• Use charcoal filtration, such as funnel kits or Green Bags®, to remove ethidium bromide from solutions. This minimizes the amount of waste and eliminates disposal of bleach solutions down the drain or the use of other potentially hazardous chemicals for deactivating the ethidium bromide.

Reduction/Substitution

  • Replace benzene or carbon tetrachloride as reagents or solvents. For example, in the standard qualitative test for halide ions, cyclohexane and carbon tetrachloride are equally effective for extracting the halogen. If cyclohexane is used instead of the traditional carbon tetrachloride, the organic layer of the extract is less hazardous and is more readily disposed. The same is true of other commonly used hazardous materials.
  • Simplify procedures to potentially eliminate a step that utilizes chemicals.
  • Use microscale techniques.
  • For isolation and purification of DNA, replace chloroform-phenol extractions with new techniques developed by Promega (Wizard Preps 800-356-9526) or Stratagene (Lambda DNA Purification Kit 800-424-5444).
  • Use chilled water loops instead of continuously running water for cooling.
  • For fly morgues, use propylene glycol in place of ethanol. The spent material can be disposed via the drain.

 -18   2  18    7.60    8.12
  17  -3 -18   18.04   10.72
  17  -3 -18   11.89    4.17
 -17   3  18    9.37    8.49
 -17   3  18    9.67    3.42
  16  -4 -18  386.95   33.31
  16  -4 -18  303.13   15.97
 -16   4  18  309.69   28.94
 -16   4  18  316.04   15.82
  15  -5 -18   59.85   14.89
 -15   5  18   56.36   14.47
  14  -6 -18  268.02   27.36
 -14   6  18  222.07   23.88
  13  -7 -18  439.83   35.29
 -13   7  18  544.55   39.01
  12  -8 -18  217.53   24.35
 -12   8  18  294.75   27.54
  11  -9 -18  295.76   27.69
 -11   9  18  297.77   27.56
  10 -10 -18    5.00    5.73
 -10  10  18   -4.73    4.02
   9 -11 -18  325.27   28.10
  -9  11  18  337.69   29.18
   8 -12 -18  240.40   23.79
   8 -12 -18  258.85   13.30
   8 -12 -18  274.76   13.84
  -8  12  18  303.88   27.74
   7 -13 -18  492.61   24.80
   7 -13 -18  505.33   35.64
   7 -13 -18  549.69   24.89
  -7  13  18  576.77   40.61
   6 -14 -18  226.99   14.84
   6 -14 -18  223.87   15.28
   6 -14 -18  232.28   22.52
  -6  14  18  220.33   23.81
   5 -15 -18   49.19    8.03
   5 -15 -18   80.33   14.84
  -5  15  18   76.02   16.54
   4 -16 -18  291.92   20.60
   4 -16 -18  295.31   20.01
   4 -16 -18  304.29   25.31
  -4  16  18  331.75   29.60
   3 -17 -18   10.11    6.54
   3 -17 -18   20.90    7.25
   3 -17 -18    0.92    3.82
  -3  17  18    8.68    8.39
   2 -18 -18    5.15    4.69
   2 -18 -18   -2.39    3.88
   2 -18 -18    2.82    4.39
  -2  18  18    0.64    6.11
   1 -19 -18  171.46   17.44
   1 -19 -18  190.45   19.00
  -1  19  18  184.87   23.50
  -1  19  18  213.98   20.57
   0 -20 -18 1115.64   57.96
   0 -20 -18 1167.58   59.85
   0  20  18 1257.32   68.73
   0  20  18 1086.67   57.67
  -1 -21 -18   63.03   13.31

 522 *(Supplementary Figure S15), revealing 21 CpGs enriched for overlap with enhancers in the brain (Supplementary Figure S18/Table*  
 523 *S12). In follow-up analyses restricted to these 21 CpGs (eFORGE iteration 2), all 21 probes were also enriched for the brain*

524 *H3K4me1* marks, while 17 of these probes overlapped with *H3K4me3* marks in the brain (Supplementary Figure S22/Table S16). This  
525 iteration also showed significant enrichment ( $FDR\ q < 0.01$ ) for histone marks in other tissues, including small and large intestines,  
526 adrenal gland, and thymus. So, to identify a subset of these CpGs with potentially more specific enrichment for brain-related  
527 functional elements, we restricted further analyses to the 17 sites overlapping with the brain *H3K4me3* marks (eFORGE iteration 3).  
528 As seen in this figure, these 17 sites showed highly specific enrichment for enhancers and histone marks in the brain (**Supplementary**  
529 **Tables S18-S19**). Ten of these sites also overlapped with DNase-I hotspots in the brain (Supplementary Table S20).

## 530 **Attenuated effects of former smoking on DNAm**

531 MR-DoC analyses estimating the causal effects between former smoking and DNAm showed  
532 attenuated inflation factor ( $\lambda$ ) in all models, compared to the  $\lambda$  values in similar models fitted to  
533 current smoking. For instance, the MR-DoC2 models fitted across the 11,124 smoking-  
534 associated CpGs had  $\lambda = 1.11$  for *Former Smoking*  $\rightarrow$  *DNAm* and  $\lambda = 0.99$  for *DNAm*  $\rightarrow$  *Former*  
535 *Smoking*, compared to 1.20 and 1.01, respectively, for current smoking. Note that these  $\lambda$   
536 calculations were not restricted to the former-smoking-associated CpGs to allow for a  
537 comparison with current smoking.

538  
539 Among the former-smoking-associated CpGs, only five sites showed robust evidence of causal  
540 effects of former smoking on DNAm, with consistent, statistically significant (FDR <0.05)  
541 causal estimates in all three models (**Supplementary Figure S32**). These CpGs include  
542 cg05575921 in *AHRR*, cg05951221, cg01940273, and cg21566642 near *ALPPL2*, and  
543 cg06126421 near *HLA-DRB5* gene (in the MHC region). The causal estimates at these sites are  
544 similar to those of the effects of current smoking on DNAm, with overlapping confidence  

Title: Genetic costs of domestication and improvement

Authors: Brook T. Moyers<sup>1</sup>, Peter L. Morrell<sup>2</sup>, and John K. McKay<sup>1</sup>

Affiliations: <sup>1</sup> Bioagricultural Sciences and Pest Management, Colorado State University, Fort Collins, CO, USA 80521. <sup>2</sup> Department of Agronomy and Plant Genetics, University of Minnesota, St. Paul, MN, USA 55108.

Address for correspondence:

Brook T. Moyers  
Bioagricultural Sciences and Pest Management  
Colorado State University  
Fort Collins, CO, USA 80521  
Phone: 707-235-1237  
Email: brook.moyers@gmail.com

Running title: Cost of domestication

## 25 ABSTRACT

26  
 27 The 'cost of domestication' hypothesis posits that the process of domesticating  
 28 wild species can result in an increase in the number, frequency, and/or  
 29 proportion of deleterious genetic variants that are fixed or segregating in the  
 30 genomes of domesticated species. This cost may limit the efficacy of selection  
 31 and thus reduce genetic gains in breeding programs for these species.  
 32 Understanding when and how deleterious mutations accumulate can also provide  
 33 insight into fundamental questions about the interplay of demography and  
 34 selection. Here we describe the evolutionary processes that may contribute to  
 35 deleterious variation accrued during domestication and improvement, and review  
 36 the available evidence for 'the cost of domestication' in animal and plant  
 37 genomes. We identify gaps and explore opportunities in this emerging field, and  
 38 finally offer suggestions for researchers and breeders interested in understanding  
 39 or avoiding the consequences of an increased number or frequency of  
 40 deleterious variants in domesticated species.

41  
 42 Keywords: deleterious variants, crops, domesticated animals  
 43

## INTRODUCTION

• Use a modified Davidson's fixative in place of Bouin's fluid (which contains picric acid) for fixing tissue. See Toxicologic Pathology 30(4):524-533 (2002) for more information and reference (available through University Library Services).

Administrative

  • Review chemical inventory annually. Such review can help avoid purchase of materials already on hand (but forgotten) and can help ensure prompt disposal of unneeded materials.
  • Purchase smaller quantities to reduce leftover, unusable chemicals. The American Chemical Society estimates that 40% of waste generated in research labs consists of unused chemicals.
  • Review laboratory procedures annually. Look for ways to reduce or eliminate the use of hazardous chemicals.
  • Centralize chemical purchasing in your lab. Assigning one person to purchase chemicals can help reduce the likelihood that duplicate orders will be made.
  • Share unused, unopen containers or unused portions of materials with other labs.

Other

  • Teaching labs are a great place for waste minimization. See Minimizing Waste in Teaching Labs for more information.
  • Seal containers of volatile materials well. Be sure that pumps fit the container opening to prevent loss of material from evaporation.
  • Turn off equipment that is not in use. For example, turn off the rotary arm of a rotovap when not in use.
  • Be prepared for spills. Cleaning up spills can generate a lot of waste. Minimize the likelihood of spills by using secondary containers. Have the right kind of spill control materials to minimize the amount of debris. Consider whether gloves or other protective equipment is truly contaminated enough to warrant disposal as hazardous waste.

Have an Idea?
Tell EHS about your ideas and your successes in reducing the amount of hazardous waste generated and/or conservation of energy, water or other resources. Contact Steve Elwood at 258-6271.

       
       
     

For a disclaimer and information regarding the use of this page, see the disclaimer notice.
Web page comments: marcians@princeton.edu.

Link: EHS Homepage Princeton University Home Page